Date of Award
Doctor of Philosophy (PhD)
This dissertation considers two key problems in multi-agent systems: coordination (including both synchronization and desynchronization) and privacy preservation.
For coordination in multi-agent systems, we focus on synchronization/desynchronization of distributed pulse-coupled oscillator (PCO) networks and their applications in collective motion coordination. Pulse-coupled oscillators were originally proposed to model synchronization in biological systems such as flashing fireflies and firing neurons. In recent years, with proven scalability, simplicity, accuracy, and robustness, the PCO based synchronization strategy has become a powerful clock synchronization primitive for wireless sensor networks. Driven by these increased applications in biological networks and wireless sensor networks, synchronization of pulse-coupled oscillators has gained increased popularity. However, most existing results address the local synchronization of PCOs with initial phases constrained in a half cycle, and results on global synchronization from any initial condition are very sparse. In our work, we address global PCO synchronization from an arbitrary phase distribution under chain or directed tree graphs. More importantly, different from existing global synchronization studies on decentralized PCO networks, our work allows heterogeneous coupling functions and perturbations on PCOs' natural frequencies, and our results hold under any coupling strength between zero and one, which is crucial because a large coupling strength has been shown to be detrimental to the robustness of PCO synchronization to disturbances.
Compared with synchronization, desynchronization of PCOs is less explored. Desynchronization spreads the phase variables of all PCOs uniformly apart (with equal difference between neighboring phases). It has also been found in many biological phenomena, such as neuron spiking and fish signaling. Recently, phase desynchronization has been employed to achieve round-robin scheduling, which is crucial in applications as diverse as media access control of communication networks, realization of analog-to-digital converters, and scheduling of traffic flows in intersections. In our work, we systematically characterize pulse-coupled oscillators based decentralized phase desynchronization and propose an interaction function that is more general than existing results. Numerical simulations show that the proposed pulse based interaction function also has better robustness to pulse losses, time delays, and frequency errors than existing results.
Collective motion coordination is fundamental in systems as diverse as mobile sensor networks, swarm robotics, autonomous vehicles, and animal groups. Inspired by the close relationship between phase synchronization/desynchronization of PCOs and the heading dynamics of connected vehicles/robots, we propose a pulse-based integrated communication and control approach for collective motion coordination. Our approach only employs simple and identical pulses, which significantly reduces processing latency and communication delay compared with conventional packet based communications. Not only can heading control be achieved in the proposed approach to coordinate the headings (orientations) of motions in a network, but also spacing control for circular motion is achievable to design the spacing between neighboring nodes (e.g., vehicles or robots).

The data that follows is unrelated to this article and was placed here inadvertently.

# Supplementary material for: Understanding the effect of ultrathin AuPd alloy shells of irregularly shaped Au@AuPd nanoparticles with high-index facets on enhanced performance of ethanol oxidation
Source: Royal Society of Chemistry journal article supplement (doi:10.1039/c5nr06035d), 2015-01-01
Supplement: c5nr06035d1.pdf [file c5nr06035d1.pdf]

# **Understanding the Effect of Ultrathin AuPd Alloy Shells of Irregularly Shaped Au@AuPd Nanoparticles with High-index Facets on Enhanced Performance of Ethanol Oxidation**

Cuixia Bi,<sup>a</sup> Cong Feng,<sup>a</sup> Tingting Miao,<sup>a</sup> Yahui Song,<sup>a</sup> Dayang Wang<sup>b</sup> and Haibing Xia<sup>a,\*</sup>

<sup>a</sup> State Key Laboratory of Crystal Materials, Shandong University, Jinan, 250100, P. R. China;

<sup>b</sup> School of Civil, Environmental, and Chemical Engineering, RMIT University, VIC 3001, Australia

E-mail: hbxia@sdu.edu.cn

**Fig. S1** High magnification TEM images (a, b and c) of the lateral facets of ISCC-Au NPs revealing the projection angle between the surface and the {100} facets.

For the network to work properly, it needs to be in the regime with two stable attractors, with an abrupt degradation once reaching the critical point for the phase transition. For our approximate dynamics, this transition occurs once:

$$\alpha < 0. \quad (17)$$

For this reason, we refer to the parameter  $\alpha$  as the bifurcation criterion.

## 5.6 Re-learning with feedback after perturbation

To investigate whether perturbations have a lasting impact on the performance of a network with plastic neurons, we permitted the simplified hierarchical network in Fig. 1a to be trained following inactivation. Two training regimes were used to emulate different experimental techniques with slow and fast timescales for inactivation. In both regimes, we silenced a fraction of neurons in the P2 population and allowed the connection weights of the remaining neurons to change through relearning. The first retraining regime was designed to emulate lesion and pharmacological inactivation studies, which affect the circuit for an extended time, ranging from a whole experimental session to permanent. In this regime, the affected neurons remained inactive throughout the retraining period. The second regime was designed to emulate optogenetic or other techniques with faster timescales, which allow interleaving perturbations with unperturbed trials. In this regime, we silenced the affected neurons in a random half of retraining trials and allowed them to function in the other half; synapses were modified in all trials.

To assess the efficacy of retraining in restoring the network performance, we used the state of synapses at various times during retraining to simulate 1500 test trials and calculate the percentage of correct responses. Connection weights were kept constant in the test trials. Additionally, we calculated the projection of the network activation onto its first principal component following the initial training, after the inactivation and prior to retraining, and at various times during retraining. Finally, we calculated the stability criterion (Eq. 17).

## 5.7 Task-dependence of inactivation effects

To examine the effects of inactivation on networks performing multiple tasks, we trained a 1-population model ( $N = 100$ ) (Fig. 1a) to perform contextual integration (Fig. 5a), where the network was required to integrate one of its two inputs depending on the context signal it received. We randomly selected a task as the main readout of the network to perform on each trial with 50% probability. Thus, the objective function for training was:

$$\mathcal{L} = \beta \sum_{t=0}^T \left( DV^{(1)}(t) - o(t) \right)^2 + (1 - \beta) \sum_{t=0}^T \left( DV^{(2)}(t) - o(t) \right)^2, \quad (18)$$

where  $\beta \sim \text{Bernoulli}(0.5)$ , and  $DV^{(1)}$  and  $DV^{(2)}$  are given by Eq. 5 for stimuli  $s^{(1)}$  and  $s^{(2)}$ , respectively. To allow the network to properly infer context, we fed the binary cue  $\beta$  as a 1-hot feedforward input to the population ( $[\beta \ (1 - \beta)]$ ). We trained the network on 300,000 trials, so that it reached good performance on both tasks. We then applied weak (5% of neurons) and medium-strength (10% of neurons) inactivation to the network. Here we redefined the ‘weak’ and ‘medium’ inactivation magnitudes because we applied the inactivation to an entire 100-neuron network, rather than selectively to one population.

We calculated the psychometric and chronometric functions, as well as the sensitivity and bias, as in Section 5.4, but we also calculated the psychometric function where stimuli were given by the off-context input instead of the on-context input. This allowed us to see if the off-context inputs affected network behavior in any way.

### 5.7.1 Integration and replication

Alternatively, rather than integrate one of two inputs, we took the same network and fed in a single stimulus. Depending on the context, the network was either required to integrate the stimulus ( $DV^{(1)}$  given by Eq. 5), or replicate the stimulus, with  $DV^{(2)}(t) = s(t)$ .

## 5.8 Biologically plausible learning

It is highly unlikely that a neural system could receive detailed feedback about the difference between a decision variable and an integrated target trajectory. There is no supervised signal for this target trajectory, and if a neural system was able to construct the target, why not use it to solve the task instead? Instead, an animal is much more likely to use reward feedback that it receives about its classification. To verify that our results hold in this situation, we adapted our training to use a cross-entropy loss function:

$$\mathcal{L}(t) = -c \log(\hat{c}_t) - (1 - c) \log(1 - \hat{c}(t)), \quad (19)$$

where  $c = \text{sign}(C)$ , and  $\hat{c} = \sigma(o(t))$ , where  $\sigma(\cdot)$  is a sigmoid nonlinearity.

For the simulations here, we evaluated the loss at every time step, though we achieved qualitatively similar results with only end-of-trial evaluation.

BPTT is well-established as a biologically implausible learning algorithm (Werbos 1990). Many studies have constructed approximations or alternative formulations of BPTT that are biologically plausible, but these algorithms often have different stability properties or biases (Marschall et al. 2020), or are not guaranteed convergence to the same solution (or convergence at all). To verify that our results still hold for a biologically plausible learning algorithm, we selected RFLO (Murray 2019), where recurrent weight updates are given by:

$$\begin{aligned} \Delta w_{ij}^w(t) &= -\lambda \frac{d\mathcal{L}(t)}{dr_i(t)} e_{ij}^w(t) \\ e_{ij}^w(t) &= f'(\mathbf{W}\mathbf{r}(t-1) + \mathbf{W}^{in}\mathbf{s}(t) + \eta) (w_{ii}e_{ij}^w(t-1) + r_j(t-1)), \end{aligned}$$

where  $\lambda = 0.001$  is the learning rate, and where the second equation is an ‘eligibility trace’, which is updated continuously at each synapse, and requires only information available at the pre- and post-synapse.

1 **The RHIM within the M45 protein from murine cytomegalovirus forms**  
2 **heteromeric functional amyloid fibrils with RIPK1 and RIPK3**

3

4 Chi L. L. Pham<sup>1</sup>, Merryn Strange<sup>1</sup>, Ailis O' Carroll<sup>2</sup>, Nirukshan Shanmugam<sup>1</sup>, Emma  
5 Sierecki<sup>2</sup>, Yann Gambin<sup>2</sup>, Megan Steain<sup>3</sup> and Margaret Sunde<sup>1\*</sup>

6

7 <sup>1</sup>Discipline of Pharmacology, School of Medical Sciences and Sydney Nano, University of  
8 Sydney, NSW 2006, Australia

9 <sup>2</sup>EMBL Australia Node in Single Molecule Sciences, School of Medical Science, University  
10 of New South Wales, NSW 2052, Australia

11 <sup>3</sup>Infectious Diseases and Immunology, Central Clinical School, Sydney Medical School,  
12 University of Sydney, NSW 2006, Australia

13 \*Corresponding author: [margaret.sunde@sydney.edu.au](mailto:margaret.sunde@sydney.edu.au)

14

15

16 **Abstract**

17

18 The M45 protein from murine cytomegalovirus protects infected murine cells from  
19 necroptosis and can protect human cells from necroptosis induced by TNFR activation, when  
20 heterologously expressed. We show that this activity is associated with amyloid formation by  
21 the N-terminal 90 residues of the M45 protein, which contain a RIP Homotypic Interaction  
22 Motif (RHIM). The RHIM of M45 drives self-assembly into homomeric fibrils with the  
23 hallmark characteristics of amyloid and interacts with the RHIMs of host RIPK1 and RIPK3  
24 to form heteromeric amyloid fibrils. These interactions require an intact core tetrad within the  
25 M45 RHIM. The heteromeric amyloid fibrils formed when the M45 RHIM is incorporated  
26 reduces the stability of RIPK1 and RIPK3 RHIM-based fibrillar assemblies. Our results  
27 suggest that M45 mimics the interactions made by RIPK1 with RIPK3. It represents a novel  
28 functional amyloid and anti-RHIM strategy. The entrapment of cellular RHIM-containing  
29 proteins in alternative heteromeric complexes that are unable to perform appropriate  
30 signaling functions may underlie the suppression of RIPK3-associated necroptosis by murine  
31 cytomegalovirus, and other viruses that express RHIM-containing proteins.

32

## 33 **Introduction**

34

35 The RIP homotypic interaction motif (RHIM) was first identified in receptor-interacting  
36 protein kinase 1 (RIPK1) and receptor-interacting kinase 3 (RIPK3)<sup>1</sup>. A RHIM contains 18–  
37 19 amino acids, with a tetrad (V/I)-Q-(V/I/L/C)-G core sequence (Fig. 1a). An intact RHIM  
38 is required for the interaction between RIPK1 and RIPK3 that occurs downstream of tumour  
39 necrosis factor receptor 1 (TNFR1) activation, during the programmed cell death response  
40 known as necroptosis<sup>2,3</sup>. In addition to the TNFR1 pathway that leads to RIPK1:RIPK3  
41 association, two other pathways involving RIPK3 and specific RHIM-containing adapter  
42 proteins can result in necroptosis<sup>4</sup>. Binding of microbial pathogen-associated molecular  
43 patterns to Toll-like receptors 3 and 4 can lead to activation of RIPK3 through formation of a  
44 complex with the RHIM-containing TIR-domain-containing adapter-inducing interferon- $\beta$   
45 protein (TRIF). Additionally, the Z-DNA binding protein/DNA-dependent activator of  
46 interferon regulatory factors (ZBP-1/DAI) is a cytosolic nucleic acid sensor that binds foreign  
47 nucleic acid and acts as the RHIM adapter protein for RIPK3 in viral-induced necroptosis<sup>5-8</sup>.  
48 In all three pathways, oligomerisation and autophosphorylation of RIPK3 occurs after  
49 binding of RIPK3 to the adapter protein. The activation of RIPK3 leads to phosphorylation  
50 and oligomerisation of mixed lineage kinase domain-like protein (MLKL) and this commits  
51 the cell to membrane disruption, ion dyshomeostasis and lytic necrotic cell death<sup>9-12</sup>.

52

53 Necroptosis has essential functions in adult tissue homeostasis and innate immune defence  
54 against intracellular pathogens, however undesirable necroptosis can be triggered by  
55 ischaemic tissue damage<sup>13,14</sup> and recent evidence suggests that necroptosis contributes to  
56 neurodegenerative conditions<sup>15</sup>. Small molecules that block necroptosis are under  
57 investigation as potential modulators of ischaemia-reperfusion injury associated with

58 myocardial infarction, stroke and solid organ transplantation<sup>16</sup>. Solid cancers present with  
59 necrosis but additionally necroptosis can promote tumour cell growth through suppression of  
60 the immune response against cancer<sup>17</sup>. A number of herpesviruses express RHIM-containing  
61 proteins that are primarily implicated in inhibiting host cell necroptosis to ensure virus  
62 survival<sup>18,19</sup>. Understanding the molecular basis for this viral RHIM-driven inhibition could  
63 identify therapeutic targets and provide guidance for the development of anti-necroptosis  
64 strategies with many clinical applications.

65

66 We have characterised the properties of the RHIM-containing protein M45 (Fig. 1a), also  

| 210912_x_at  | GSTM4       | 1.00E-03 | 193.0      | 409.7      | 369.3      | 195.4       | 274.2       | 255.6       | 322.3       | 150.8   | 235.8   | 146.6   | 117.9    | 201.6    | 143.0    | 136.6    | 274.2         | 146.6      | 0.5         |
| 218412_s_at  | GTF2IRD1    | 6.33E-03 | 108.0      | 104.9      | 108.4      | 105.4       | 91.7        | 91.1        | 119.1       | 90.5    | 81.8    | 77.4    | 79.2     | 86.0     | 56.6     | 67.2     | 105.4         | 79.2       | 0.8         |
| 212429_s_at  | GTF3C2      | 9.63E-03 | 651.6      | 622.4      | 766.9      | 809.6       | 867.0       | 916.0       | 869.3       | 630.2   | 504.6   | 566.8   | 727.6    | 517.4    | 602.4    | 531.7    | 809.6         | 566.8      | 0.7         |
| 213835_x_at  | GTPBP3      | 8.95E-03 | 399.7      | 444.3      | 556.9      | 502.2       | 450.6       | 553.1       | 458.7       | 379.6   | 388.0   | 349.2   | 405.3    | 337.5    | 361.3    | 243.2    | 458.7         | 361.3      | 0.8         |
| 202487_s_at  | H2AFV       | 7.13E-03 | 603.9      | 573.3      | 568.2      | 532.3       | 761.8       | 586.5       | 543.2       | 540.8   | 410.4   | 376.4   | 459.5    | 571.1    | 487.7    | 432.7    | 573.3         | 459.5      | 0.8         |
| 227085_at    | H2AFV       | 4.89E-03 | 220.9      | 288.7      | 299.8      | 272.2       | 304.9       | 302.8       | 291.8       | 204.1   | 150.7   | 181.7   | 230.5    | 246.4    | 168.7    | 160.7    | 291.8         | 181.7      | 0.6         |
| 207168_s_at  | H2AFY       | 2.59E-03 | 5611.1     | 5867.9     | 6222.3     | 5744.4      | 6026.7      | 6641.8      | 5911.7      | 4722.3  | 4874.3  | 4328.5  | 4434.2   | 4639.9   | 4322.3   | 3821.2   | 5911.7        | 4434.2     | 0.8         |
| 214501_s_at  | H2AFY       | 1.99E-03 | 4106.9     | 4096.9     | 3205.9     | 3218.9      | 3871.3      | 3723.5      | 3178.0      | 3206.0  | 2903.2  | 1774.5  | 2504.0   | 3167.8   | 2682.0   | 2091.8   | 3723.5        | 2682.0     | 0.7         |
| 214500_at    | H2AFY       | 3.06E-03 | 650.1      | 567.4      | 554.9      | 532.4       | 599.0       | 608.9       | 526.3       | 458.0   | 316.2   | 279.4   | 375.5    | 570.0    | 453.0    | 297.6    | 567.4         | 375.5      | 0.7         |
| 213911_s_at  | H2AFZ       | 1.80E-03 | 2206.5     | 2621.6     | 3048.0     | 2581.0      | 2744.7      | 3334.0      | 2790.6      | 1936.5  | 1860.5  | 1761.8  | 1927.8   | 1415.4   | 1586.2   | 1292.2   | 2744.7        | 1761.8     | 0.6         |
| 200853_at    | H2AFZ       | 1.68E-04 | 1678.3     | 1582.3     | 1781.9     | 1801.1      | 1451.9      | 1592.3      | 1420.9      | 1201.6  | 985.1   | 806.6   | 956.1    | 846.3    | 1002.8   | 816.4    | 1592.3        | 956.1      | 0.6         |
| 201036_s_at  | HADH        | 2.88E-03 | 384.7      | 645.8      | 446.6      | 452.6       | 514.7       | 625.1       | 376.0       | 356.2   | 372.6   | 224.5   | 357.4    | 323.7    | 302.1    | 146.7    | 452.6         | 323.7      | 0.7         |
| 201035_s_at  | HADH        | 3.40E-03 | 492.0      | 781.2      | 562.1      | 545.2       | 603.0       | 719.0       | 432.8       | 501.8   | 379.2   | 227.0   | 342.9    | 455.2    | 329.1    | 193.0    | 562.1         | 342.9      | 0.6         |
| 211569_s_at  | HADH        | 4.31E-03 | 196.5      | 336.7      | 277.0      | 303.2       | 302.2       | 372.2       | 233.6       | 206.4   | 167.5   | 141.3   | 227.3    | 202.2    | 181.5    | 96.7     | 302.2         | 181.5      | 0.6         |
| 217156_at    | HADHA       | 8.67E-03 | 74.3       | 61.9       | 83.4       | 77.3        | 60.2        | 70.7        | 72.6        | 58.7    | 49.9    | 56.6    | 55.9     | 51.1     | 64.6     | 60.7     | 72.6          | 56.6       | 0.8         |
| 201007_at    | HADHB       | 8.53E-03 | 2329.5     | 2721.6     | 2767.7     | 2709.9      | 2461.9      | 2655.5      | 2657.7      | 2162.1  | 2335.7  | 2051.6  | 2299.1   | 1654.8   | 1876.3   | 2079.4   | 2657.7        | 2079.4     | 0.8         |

The second part of this dissertation is privacy preservation in multi-agent systems. More specifically, we focus on privacy-preserving average consensus as it is key for multi-agent systems, with applications ranging from time synchronization, information fusion, load balancing, to decentralized control. Existing average consensus algorithms require individual nodes (agents) to exchange explicit state values with their neighbors, which leads to the undesirable disclosure of sensitive information in the state. In our work, we propose a novel average consensus algorithm for time-varying directed graphs which can protect the privacy of participating nodes' initial states. Leveraging algorithm-level obfuscation, the algorithm does not need the assistance of any trusted third party or data aggregator. By leveraging the inherent robustness of consensus dynamics against random variations in interaction, our proposed algorithm can guarantee privacy of participating nodes without compromising the accuracy of consensus. The algorithm is distinctly different from differential-privacy based average consensus approaches which enable privacy through compromising accuracy in obtained consensus value. The approach is able to protect the privacy of participating nodes even in the presence of multiple honest-but-curious nodes which can collude with each other.
Gao, Huan, "Coordination and Privacy Preservation in Multi-Agent Systems" (2020). All Dissertations. 2718.